The Republic of Colombia is a country in northwestern South America. To the north is found the Caribbean Sea, while it borders Venezuela to the east, Brazil to the southeast, Peru and Ecuador to the south, and Panama and the Pacific Ocean to the west.

República de Colombia
(In Detail)
National motto: Libertad y Orden
(Spanish; "Liberty and Order")
Official language Spanish
Capital Bogota
PresidentÁlvaro Uribe Vélez
 - Total
 - % water
Ranked 25th
1,138,910 km²
 - Total (2003)
 - Density
Ranked 28th
 - Declared
 - Recognised
From Spain
July 20, 1810
August 7, 1819
Currency Colombian peso
Time zone UTC -5
National anthem Oh Gloria Inmarcesible
Internet TLD .CO
Calling Code57

Table of contents
1 History
2 Politics
3 Departments
4 Geography
5 Economy
6 Demographics
7 Culture
8 Miscellaneous topics
9 External Links


Main article: History of Colombia

Spanish explorers arrived in the area around 1500, at which time they encountered many Chibchan peoples who they subjugated through warfare, disease, exploitation, and conquest. They soon established settlements that eventually grew into the provinces which where part of the Captaincy General of New Granada. As it became a Viceroyalty in 1717, some other provinces of northwestern South America came under its jurisdiction. An independence movement sprang up around 1810 that finally succeeded in 1819 when the territory of the Viceroyalty of New Granada became the Republic of Greater Colombia (Gran Colombia).

Internal political and territorial divisions led to the secession of Venezuela and Quito (today's Ecuador) in 1830 and the remaining Department of Cundinamarca was renamed New Granada until 1856 when it became the Granadine Confederation until 1863 when it became the United States of Colombia until 1886 when it became the Republic of Colombia. Internal divisions remained, occasionally igniting civil war and contributing to the US-sponsored secession of Panama in 1903. The country continues to be plagued by guerilla insurgents such as FARC and the effects of the influential drug trade, which are hampering political and economic reforms and leading to disruptions of public life and international concern.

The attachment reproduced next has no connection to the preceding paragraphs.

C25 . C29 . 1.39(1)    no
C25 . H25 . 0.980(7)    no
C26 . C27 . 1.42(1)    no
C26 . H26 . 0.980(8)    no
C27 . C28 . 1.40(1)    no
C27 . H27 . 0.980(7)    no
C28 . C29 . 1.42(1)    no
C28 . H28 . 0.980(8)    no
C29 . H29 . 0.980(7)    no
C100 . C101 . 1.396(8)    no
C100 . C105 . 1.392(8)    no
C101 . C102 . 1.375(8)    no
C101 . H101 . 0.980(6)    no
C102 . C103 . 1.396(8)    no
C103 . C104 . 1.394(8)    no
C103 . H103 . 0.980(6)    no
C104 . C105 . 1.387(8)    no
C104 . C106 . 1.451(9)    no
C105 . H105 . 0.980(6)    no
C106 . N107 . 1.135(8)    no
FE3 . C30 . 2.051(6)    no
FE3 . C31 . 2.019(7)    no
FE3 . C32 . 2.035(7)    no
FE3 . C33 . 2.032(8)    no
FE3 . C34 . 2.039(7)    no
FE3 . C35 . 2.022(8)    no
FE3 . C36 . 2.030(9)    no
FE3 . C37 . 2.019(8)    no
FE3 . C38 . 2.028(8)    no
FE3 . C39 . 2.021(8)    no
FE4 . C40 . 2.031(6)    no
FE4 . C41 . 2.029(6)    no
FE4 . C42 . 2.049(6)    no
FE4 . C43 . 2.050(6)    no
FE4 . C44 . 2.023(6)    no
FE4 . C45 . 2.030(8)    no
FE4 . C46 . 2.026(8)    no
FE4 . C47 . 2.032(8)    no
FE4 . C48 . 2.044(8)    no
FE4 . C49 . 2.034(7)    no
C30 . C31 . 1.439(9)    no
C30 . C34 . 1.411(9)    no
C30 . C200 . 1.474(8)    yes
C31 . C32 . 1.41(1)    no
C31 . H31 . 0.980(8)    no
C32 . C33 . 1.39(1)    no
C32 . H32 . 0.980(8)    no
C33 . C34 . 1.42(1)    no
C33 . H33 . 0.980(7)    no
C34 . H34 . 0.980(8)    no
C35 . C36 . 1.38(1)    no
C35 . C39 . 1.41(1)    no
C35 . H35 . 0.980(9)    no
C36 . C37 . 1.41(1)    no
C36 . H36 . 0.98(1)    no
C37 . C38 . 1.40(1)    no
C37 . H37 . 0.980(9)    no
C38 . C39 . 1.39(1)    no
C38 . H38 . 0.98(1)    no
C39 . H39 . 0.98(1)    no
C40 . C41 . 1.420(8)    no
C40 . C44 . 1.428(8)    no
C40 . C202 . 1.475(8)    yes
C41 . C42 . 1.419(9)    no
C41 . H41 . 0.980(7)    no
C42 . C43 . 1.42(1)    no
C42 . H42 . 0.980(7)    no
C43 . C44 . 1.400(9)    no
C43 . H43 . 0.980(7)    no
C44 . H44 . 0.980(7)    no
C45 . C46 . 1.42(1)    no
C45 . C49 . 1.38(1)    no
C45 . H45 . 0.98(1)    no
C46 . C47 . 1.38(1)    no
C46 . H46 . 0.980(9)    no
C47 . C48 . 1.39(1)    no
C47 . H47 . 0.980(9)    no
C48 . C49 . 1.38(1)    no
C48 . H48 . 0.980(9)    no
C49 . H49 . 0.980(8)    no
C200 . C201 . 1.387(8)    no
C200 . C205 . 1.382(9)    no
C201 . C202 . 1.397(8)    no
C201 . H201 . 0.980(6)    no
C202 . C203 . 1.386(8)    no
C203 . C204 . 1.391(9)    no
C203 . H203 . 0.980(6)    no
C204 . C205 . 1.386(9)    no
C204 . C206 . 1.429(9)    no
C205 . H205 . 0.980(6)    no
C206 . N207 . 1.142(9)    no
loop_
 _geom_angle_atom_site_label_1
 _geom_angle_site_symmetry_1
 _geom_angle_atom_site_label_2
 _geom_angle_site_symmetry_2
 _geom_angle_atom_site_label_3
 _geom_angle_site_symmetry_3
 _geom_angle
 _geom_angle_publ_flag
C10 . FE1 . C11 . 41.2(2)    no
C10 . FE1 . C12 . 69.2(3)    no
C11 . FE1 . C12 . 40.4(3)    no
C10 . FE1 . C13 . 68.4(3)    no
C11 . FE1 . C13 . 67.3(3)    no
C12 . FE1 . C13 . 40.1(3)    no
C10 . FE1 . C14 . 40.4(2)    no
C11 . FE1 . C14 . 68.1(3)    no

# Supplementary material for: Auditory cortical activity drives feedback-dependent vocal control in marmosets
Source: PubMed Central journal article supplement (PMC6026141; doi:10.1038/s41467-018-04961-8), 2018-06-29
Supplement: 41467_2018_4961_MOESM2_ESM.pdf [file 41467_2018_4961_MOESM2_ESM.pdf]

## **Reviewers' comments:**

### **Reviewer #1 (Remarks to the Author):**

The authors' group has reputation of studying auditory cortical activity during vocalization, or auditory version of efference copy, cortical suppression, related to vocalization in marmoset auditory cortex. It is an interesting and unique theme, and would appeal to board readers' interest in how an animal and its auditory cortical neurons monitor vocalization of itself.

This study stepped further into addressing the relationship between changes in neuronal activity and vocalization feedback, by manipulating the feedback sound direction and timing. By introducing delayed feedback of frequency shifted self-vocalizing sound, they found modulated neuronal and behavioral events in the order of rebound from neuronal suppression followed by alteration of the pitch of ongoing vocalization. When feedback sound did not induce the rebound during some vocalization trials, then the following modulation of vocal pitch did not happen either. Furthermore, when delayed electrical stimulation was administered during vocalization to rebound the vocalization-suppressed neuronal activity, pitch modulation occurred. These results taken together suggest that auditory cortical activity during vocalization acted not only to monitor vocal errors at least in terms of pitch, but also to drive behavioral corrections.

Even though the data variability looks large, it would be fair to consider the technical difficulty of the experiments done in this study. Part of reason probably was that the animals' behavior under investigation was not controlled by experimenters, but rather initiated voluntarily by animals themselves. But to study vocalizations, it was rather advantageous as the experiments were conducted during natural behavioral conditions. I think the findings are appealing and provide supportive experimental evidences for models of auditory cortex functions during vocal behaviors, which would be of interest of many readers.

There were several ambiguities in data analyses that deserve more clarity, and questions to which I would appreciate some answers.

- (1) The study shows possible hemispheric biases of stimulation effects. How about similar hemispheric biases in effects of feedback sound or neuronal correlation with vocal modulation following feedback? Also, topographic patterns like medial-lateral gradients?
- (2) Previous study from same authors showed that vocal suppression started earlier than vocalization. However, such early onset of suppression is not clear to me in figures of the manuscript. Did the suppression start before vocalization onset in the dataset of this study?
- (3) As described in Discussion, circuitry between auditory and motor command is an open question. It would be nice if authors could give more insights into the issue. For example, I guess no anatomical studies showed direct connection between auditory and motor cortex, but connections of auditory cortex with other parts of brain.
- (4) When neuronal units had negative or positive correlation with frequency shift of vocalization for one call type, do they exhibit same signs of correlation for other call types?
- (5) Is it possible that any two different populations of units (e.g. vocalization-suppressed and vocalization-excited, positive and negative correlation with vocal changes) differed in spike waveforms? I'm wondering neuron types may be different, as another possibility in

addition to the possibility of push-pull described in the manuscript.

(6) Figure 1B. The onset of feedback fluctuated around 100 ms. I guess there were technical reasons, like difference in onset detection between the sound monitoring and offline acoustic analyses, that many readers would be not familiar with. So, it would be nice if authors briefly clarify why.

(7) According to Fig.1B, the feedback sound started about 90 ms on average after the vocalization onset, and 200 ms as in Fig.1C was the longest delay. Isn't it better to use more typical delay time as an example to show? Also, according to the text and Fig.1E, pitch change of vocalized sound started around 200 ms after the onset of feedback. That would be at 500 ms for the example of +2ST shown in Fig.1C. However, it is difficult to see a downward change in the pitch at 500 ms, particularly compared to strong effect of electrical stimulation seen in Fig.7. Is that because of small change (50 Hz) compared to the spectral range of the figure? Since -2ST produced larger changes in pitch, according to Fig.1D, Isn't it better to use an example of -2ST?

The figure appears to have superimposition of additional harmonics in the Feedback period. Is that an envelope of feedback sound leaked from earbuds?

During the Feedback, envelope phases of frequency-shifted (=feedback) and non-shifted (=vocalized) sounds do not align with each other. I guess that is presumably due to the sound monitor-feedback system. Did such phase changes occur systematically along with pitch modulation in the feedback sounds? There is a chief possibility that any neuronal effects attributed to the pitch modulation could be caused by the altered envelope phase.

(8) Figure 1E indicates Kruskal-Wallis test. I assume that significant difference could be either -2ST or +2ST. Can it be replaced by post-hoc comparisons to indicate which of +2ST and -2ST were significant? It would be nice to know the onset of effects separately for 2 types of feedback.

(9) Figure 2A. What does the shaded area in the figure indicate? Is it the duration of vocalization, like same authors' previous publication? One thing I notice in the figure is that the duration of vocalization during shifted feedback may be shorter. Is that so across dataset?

Main article: Politics of Colombia

Colombia is a republic where the executive branch dominates government structure. The president, elected together with the vice-president by popular vote for a single four-year term, functions as both head of state and head of government.

Colombia's bicameral parliament is the Congress or Congreso, which consists of the Senate or Senado of 102 seats and the House of Representatives or Camara de Representantes of 166 seats. Members of both houses are elected by popular vote to serve four-year terms. The Colombian judicial system has undergone significant reforms in the 1990s.


Main article: Departments of Colombia

Colombia is divided into 32 departments (departamentos, singular - departamento):

  • La Guajira (Riohacha)
  • Magdalena (Santa Marta)
  • Meta (Villavicencio)
  • Nariño (Pasto)
  • Norte de Santander (Cúcuta)
  • Putumayo (Mocoa)